Preparing your designs for 3D printing is obviously an area where you must place a great deal of focus. The guide recommends the following free software for fixing holes as well as converting your CAD design into an .stl file or .obj file:
The guide also gives you great ideas and formulas for pricing, with information on how to assess market value, as well as what to figure in for the actual base cost of your model. The team also gives you great ideas on how to figure out who is going to want your model—and most importantly—who is going to find it most interesting.
“Think about other things that your target market spends or does not spend money on. If your design is targeted at students who don’t have a lot of money, it makes sense to offer a free download,” states the team. “In return for the free design, ask them to spread the word about your shop to get some brand value from it.”
Once you’ve established all of these values, it’s time to consider where you will sell your 3D print. Now, there’s a big choice! With so many 3D printing marketplaces and retail venues available today, you need to decide which mode you want to use for sales. Online distribution? Downloads? Streaming? Physical distribution?
“Streaming allows me to upload and protect my designs that I don’t want to distribute by download, and sell designs at a lower cost compared to direct downloads,” states designer Tanya Wiesner.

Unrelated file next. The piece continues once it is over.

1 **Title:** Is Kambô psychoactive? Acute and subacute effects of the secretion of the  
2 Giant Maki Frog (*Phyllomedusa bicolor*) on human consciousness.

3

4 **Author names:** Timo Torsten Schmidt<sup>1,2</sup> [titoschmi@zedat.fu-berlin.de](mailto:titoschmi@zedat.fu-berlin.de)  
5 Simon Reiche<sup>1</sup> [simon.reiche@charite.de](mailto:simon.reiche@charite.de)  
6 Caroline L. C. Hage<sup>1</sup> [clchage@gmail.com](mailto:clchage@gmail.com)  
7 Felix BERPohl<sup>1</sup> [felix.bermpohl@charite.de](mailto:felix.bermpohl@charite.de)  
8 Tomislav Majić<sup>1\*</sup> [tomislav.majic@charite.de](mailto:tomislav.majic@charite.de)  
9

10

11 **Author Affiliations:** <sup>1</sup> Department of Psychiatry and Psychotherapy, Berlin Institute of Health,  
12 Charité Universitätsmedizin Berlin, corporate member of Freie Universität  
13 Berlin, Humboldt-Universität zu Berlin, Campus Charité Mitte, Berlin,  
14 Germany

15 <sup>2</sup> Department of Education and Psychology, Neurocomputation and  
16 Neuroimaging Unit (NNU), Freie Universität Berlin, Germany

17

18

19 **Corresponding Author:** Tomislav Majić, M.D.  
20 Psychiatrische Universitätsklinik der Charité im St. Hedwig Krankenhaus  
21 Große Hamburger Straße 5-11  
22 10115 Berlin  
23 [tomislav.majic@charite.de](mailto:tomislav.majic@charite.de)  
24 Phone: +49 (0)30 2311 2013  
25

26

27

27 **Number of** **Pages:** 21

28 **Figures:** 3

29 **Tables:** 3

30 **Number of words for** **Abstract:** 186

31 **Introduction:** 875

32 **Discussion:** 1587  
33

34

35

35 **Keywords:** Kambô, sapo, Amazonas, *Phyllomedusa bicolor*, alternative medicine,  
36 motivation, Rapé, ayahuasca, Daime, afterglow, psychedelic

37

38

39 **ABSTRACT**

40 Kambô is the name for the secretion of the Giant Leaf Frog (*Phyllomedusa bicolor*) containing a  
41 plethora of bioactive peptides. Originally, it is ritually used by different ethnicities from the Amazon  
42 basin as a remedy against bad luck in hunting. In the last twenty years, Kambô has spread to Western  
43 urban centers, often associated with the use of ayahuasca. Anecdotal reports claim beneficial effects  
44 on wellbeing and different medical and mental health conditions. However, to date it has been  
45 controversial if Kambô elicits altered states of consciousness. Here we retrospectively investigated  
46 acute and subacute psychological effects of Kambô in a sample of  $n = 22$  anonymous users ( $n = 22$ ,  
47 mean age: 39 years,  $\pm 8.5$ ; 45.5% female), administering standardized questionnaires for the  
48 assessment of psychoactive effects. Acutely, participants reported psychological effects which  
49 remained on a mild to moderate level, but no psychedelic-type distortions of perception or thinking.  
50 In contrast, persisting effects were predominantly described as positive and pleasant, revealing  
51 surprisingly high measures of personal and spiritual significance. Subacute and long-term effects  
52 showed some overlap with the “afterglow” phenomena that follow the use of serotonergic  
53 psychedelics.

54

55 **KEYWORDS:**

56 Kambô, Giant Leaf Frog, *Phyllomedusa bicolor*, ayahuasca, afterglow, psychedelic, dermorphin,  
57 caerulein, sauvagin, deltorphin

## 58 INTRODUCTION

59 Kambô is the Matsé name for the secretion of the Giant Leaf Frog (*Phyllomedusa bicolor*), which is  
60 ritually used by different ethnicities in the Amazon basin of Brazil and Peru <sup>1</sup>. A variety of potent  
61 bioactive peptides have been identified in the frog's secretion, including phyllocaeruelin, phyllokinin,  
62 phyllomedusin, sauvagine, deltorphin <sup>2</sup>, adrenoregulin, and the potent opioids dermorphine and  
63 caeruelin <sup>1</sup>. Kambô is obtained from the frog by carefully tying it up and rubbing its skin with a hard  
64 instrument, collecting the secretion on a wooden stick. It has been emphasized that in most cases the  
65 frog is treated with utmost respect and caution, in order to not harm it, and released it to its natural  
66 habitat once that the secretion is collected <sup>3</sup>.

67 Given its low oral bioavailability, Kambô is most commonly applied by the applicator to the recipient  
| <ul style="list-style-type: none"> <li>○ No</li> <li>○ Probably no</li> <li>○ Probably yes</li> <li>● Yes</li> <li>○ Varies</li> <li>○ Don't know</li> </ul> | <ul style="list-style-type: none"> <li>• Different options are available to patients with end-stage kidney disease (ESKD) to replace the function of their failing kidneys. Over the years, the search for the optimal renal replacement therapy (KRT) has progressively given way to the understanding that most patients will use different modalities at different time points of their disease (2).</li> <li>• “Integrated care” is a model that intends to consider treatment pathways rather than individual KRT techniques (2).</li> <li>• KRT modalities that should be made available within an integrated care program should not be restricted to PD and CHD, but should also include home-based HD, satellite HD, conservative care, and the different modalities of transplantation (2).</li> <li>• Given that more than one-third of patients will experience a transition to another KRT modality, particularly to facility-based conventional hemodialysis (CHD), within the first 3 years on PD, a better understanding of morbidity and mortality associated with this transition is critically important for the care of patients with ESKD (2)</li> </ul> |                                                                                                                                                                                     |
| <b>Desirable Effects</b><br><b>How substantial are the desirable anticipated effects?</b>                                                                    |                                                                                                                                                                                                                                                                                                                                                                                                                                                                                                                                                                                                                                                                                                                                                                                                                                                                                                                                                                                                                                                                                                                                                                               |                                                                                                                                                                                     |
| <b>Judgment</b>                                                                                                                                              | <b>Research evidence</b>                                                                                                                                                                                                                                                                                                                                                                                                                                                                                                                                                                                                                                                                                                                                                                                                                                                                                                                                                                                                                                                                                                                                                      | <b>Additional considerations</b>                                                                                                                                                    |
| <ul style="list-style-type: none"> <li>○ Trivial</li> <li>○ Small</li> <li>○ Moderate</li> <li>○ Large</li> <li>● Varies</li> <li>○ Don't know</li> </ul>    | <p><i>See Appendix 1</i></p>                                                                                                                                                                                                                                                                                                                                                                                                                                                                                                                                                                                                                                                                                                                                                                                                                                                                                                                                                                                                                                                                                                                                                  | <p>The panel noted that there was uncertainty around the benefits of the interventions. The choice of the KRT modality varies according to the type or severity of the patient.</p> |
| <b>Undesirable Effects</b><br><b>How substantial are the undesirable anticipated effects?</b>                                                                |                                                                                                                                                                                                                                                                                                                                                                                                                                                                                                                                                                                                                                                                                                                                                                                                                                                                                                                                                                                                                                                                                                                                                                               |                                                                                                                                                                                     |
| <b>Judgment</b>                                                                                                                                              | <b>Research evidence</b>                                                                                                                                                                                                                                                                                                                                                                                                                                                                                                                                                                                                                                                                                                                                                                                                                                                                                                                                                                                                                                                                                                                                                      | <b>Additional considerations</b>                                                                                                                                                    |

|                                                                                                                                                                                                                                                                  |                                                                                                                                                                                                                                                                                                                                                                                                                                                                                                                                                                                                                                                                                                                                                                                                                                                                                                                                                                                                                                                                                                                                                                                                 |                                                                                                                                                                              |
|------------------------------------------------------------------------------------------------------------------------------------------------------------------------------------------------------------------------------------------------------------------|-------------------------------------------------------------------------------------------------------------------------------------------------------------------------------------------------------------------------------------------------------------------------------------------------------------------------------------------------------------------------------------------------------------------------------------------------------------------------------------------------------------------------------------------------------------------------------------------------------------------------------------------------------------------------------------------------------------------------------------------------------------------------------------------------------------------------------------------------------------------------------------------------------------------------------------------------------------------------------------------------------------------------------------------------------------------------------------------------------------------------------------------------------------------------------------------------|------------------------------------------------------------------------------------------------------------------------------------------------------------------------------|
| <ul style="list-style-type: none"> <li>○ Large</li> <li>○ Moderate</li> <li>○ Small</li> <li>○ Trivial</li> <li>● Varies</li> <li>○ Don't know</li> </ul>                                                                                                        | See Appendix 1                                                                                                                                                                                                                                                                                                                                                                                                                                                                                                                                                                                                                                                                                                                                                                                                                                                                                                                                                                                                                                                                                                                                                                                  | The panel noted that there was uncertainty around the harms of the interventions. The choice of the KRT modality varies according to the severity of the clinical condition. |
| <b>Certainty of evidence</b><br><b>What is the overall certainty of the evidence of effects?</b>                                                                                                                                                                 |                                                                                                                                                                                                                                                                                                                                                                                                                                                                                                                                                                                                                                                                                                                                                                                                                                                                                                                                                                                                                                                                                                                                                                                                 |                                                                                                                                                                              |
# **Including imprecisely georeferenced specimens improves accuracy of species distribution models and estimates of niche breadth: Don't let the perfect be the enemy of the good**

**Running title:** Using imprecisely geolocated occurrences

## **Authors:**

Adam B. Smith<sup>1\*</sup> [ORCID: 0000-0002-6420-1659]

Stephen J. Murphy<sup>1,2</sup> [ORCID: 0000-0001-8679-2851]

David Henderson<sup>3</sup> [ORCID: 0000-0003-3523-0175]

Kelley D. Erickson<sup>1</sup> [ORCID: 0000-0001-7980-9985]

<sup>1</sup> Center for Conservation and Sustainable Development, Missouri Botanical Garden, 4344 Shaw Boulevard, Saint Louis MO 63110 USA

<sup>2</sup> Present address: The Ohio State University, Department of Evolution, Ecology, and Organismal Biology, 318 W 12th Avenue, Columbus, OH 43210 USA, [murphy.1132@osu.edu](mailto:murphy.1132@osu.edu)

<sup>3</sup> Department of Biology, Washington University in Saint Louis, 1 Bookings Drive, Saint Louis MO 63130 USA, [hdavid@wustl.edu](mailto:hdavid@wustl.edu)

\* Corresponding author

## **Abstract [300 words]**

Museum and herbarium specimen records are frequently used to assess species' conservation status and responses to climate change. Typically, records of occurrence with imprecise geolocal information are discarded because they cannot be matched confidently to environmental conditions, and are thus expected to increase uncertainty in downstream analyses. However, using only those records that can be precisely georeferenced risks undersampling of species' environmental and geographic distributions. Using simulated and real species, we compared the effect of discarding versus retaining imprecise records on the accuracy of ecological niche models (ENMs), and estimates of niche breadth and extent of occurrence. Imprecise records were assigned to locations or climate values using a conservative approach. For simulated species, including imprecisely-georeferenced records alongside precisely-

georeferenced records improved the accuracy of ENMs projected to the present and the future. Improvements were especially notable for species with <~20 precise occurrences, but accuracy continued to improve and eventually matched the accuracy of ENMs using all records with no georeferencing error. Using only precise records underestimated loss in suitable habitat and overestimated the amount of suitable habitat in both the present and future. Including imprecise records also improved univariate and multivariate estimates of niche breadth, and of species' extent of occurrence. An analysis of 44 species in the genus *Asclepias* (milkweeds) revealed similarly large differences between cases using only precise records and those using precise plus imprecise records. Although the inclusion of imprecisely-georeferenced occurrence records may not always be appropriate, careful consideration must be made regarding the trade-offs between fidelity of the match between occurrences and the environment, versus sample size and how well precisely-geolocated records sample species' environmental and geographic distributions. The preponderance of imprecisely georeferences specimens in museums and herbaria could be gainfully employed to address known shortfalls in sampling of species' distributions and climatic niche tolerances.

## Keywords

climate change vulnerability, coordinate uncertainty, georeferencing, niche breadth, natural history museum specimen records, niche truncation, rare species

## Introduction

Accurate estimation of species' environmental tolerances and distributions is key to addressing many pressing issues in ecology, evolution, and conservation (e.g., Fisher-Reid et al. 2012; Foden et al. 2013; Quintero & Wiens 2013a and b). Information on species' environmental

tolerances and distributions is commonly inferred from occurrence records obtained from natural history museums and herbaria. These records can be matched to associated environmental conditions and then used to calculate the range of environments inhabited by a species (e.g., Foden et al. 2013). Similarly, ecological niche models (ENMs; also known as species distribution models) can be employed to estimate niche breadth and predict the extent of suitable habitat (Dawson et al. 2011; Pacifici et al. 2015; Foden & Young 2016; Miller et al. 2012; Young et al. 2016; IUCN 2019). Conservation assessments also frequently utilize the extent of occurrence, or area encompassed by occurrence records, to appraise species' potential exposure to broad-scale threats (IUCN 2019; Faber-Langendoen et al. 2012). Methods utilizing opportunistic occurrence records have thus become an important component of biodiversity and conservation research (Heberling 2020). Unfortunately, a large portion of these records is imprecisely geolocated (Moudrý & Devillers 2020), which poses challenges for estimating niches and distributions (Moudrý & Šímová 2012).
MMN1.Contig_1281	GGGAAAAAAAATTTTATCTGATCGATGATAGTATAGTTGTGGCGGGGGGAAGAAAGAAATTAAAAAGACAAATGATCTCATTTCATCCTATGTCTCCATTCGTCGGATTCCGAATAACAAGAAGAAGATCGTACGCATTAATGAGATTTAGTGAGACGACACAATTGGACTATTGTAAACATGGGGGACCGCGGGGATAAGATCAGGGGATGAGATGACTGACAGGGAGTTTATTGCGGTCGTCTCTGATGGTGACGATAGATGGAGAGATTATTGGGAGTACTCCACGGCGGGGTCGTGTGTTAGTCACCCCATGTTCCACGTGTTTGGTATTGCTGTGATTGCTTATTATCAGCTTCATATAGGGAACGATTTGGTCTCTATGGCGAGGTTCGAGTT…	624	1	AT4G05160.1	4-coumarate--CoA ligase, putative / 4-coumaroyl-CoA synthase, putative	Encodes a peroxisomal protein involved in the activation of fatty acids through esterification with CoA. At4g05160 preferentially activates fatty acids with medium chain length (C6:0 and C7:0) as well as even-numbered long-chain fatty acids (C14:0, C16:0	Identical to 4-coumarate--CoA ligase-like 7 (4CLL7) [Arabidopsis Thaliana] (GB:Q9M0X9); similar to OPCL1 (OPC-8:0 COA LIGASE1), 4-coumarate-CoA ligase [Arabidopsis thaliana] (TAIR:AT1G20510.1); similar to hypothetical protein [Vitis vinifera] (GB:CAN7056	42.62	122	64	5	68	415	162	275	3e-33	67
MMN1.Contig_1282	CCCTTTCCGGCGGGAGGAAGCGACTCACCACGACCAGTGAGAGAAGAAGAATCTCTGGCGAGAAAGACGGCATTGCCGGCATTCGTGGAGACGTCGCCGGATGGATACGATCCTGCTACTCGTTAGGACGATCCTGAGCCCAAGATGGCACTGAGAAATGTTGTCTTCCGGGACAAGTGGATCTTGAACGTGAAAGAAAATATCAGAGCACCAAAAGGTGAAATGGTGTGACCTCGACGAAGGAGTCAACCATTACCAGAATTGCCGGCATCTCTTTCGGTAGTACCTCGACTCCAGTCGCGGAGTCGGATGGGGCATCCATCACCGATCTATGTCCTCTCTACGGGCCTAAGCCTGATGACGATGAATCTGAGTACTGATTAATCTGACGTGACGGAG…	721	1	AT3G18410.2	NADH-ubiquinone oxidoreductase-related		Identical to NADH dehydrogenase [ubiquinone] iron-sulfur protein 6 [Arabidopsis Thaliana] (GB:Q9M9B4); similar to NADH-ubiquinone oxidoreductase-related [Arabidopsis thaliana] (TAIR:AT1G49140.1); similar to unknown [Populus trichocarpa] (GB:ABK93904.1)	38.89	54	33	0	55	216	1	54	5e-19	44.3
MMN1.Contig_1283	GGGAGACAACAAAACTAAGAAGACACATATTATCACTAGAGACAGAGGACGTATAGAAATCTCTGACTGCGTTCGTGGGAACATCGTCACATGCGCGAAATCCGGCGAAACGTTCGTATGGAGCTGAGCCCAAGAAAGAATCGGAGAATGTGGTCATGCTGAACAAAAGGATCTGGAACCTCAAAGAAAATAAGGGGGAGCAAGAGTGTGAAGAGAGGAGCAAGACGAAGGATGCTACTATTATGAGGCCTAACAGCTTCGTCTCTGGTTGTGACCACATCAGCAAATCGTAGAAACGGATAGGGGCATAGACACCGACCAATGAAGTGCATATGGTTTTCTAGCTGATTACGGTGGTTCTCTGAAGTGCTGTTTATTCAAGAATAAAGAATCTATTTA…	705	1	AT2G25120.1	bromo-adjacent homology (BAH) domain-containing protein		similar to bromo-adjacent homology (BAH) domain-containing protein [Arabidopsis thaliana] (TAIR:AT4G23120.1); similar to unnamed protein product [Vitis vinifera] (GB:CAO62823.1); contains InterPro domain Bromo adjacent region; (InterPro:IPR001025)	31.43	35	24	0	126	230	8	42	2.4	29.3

And although you may have some marketing savvy already, the tips are fun to read and definitely inspirational. As long as you are offering an affordable print, appeal to your customer’s visual side with great photos or videos, and write up an articulate, inviting description, you should be in great shape for sales. Remember that it also helps to get involved. Be a part of the 3D printing community. Engage. If you can be prolific, and offer multiple designs—even better too.
Will you be 3D printing products yourself? If so, there’s an enormous marketplace available with hardware to meet any one—or all—of your needs. The guide offers insight into many of their favorites, from printers to scanners and smartphone apps.
“Learning 3D design can be intimidating. Our hope is that by making a step-by-step guide, we will encourage new designers to give it a try and show them that it’s something fun and exciting,” Lucas Matheson, CEO of Pinshape, told 3DPrint.com.
Is this guide something you’ve been looking for? Discuss in the Pinshape Guide Helps Market 3D Printing forum over at 3DPB.com.